A report focused on the habits of mobile users that was recently released by JiWire had some great little nuggets about the patterns of engagement for those of us who use location-based services like Foursquare or Places.
Amid the usual questions that need to be asked there was one tiny little statistic that really resonated with me – it was the second-to-lowest response on the question about what type of information users are interested in receiving when using these services, right ahead of “other.”
10% of respondents were interested in product inventory. Checking into a location to see if their product was in stock. 10% struck me as high so I can only assume that the people who were responding to this survey were the more location-adept kind but it is still a number that should be watched as it will continue to climb steadily. Now, this might seem like a useful number but I think there is one that will start to emerge even more as this technology matures: Expiring Inventory
This is an old-school term for things that have a specific due date: Tickets to shows or sporting goods, the yogurt in your fridge, newspapers (well, news in general) and even things like seats in a restaurant, pay-as-you-go cellular minutes, coupons or discounts and movies or shows. This is where a great opportunity is to service the location-aware crowd.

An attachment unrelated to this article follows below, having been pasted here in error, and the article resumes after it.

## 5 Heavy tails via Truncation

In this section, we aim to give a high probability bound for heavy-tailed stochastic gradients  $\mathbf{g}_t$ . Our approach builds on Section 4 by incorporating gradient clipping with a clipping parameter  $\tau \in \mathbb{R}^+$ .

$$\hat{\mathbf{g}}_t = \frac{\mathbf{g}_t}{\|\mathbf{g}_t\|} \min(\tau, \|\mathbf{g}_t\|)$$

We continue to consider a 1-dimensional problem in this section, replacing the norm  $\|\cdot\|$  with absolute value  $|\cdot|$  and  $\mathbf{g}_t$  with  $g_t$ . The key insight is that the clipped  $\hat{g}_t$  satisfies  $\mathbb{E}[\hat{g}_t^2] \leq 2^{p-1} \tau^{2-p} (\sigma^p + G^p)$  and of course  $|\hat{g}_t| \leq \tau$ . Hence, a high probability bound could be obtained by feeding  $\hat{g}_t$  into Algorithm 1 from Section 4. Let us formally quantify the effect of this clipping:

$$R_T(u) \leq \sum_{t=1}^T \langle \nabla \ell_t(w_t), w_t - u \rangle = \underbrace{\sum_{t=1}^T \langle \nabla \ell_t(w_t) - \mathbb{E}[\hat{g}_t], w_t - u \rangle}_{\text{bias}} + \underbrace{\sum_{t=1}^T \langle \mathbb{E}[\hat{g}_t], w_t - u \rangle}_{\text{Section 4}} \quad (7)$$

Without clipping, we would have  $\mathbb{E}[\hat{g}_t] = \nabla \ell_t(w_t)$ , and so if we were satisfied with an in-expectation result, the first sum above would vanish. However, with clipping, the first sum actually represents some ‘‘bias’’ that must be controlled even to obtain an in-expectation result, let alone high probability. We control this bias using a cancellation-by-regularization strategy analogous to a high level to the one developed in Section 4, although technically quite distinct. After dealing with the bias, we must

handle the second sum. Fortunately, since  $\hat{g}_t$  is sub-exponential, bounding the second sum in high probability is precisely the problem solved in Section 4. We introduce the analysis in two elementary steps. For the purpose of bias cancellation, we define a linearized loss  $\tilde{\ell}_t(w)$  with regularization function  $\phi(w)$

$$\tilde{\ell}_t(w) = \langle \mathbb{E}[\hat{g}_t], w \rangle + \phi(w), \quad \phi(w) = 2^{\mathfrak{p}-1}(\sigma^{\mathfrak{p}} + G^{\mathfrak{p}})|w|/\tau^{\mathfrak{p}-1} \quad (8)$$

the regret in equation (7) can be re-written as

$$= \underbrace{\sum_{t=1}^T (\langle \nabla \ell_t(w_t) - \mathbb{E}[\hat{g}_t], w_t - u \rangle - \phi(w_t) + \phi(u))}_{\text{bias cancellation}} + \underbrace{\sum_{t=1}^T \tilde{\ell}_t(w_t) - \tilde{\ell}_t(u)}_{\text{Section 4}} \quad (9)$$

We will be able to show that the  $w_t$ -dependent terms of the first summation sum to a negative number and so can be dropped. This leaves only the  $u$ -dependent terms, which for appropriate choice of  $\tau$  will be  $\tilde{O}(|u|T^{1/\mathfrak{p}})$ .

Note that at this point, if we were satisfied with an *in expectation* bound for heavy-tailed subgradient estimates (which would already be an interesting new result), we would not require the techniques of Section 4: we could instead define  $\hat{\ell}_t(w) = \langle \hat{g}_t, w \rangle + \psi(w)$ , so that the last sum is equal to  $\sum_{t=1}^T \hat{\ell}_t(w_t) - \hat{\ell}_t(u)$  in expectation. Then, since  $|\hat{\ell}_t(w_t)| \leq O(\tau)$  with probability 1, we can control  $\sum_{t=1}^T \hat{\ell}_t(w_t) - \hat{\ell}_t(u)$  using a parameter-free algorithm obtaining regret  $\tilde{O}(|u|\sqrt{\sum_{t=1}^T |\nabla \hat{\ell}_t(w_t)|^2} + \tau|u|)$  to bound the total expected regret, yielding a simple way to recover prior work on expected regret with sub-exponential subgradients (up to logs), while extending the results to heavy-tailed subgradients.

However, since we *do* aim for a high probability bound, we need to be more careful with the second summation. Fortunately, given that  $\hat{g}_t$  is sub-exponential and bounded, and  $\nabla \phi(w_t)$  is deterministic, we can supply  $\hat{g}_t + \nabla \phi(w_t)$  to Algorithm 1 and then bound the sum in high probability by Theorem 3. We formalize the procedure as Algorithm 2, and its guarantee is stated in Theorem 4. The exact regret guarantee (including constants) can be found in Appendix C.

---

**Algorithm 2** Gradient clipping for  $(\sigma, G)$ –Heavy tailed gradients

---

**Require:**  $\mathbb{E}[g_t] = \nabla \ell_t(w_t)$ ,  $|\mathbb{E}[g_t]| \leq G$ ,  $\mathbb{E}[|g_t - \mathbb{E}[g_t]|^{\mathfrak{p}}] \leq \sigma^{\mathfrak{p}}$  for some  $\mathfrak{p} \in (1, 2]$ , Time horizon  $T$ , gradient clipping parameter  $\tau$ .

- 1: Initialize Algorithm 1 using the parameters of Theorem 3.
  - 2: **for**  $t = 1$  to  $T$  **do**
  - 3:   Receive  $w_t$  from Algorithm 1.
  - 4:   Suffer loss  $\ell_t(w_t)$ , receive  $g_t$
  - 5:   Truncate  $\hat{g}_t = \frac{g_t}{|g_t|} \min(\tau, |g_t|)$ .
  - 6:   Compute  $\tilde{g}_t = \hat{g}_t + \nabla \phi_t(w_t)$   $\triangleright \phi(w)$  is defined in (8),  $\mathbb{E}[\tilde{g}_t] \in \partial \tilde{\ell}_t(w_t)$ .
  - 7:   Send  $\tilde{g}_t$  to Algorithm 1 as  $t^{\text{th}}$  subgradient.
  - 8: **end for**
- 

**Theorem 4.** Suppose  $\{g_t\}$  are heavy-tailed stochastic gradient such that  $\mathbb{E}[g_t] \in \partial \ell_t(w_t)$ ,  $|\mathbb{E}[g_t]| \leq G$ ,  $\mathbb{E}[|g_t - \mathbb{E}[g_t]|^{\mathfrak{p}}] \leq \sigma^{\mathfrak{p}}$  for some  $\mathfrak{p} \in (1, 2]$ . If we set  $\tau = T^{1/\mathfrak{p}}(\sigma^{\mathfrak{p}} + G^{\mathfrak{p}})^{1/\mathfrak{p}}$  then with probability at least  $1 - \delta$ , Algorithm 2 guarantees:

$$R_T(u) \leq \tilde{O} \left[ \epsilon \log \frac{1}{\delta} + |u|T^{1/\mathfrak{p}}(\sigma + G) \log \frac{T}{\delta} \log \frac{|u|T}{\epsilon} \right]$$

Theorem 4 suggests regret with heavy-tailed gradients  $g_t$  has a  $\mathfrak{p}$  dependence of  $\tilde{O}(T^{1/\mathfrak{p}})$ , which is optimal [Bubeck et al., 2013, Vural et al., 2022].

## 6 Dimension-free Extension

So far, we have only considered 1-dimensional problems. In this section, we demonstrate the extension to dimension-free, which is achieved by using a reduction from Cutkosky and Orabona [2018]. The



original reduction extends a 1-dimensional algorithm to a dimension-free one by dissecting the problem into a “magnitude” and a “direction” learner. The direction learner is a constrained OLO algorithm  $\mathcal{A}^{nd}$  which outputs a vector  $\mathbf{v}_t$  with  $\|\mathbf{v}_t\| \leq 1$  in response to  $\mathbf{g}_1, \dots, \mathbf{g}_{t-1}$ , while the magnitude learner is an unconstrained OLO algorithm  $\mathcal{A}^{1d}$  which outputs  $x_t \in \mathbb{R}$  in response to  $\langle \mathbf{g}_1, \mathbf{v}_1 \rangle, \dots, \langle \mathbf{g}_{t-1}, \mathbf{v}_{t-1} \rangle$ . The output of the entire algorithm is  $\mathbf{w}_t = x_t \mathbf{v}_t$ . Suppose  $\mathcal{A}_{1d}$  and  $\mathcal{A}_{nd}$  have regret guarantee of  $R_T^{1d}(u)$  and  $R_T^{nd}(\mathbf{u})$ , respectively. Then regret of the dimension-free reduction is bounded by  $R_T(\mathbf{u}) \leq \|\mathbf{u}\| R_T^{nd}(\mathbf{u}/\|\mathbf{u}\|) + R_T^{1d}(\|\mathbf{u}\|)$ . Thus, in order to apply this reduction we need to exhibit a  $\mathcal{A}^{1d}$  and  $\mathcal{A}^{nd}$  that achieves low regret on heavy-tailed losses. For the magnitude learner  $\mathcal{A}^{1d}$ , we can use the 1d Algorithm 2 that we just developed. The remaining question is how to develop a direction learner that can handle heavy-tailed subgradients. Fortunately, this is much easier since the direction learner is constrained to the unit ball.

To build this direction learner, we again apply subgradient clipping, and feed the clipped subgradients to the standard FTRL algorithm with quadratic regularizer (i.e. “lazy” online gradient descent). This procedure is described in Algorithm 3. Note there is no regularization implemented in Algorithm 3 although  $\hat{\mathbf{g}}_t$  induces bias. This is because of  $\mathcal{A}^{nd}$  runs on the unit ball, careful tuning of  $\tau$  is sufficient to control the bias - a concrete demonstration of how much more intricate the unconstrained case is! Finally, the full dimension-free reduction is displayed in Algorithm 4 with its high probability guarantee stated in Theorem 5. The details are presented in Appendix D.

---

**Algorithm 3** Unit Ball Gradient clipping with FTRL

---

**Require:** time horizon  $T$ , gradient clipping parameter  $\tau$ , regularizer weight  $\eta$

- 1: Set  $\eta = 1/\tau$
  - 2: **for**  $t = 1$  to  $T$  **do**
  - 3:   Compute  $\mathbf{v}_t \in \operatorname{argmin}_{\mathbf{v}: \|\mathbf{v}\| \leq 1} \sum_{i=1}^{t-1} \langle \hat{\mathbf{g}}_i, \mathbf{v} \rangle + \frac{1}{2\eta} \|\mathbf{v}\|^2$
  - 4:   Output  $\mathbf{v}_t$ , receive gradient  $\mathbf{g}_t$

The opportunity lies in how that data gets into the right hands at the right time.
Knowing if a store has the shoes you are looking for is one thing but, for the most part, to use the inventory model detailed in the JiWire report, you would have to know the product name and the store you are looking to buy them from. With expiring inventory you could be standing in a place like Times Square, a hunger pain in your belly and no reservations anywhere. Pull out your phone, let it know where you are and see what restaurant has an open table right now.
I’m sure you’ve seen the for sale items at your local grocery – “quick sale” is a better term. Anything with an expiry date close to today is either going into the garbage or will be sold at a reduced price to get some value from it. Airline seat sales or standby sales are another great example of an expiring good – the seat has a cost and leaving it empty for a flight means the airlines bear that cost. Filling it with someone, even for a discount, defers the cost for the airlines.
Pricing needs to be flexible but slightly modified compared to expiring milk and an empty red-eye. Certain goods – event tickets for example – are very well suited for a “quick sale” type pricing where it could be heavily discounted as the show time draws nearer. Filling a seat in a theatre or sports arena has no real additional cost to the venue but has the potential for them to generate some more revenue from concessions and perhaps even brand loyalty.
Other expiring goods – such as restaurant service – bears a cost and needs to be handled differently and this is where drawing people in with a coupon may be the way to go to entice people to come off the street and give the food a try.
The combination of inventory and location is very powerful but adding context makes it irresistible to the consumer in a way that no other technology has done before.
What do you think?